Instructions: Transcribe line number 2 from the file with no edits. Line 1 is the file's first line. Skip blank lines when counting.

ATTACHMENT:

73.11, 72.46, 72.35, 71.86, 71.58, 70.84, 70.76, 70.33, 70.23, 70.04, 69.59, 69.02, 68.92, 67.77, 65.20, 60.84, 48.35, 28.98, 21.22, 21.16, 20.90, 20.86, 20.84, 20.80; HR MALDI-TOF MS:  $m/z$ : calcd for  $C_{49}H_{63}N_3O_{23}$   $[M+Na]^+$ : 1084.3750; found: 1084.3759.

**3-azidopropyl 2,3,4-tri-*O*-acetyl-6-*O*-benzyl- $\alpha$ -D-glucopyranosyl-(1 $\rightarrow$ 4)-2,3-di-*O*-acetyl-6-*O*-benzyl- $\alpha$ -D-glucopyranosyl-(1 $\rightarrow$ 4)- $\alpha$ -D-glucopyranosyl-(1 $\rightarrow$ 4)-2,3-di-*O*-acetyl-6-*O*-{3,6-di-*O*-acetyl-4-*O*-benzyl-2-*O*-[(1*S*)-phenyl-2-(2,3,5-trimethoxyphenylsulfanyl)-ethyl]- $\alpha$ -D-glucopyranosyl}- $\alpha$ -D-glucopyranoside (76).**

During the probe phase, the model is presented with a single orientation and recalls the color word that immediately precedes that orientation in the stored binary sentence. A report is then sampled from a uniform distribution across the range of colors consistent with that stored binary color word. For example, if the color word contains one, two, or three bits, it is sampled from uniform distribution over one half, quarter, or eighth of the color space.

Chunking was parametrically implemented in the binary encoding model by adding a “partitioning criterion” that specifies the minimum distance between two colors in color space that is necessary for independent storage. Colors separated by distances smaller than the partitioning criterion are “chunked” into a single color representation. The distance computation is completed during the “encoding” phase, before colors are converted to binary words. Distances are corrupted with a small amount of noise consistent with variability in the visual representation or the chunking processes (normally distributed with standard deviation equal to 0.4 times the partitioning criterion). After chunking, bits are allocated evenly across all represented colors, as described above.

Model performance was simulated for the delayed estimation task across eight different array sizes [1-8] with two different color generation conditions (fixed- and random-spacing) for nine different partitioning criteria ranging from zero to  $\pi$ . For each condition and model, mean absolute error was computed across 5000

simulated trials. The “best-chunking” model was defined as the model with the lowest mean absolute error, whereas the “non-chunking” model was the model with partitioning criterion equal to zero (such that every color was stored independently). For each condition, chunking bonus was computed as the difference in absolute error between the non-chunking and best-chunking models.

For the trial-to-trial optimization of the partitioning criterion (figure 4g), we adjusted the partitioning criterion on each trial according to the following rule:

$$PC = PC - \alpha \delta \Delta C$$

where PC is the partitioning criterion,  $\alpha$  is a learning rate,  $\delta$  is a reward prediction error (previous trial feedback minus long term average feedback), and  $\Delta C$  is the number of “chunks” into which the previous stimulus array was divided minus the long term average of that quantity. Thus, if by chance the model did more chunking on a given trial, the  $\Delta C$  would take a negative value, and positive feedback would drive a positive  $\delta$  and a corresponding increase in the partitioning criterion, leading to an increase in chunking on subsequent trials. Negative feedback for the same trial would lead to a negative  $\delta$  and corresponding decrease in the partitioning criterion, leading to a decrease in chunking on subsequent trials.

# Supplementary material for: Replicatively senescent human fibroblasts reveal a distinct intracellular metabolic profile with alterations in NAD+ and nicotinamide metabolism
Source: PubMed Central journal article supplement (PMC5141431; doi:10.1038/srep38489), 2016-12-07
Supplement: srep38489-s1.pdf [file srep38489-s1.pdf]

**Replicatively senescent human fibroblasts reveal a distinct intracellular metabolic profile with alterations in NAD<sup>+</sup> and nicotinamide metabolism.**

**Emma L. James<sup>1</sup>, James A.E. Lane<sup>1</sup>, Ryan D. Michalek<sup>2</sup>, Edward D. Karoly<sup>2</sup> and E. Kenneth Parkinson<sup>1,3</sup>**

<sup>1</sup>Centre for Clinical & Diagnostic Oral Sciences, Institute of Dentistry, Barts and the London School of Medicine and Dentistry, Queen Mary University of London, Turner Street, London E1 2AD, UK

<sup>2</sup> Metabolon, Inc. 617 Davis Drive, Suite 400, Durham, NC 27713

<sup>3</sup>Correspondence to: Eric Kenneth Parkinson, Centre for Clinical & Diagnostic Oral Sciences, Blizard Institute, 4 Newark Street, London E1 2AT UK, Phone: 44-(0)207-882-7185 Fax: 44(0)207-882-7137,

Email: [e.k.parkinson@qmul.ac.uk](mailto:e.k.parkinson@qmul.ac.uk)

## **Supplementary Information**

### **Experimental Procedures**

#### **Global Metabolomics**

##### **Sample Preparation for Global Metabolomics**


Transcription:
**3-azidopropyl 2,3,4-tri-*O*-acetyl-6-*O*-benzyl- $\alpha$ -D-glucopyranosyl-(1 $\rightarrow$ 4)-2,3-di-*O*-acetyl-6-*O*-benzyl- $\alpha$ -D-glucopyranosyl-(1 $\rightarrow$ 4)- $\alpha$ -D-glucopyranosyl-(1 $\rightarrow$ 4)-2,3-di-*O*-acetyl-6-*O*-{3,6-di-*O*-acetyl-4-*O*-benzyl-2-*O*-[(1*S*)-phenyl-2-(2,3,5-trimethoxyphenylsulfanyl)-ethyl]- $\alpha$ -D-glucopyranosyl}- $\alpha$ -D-glucopyranoside (76).**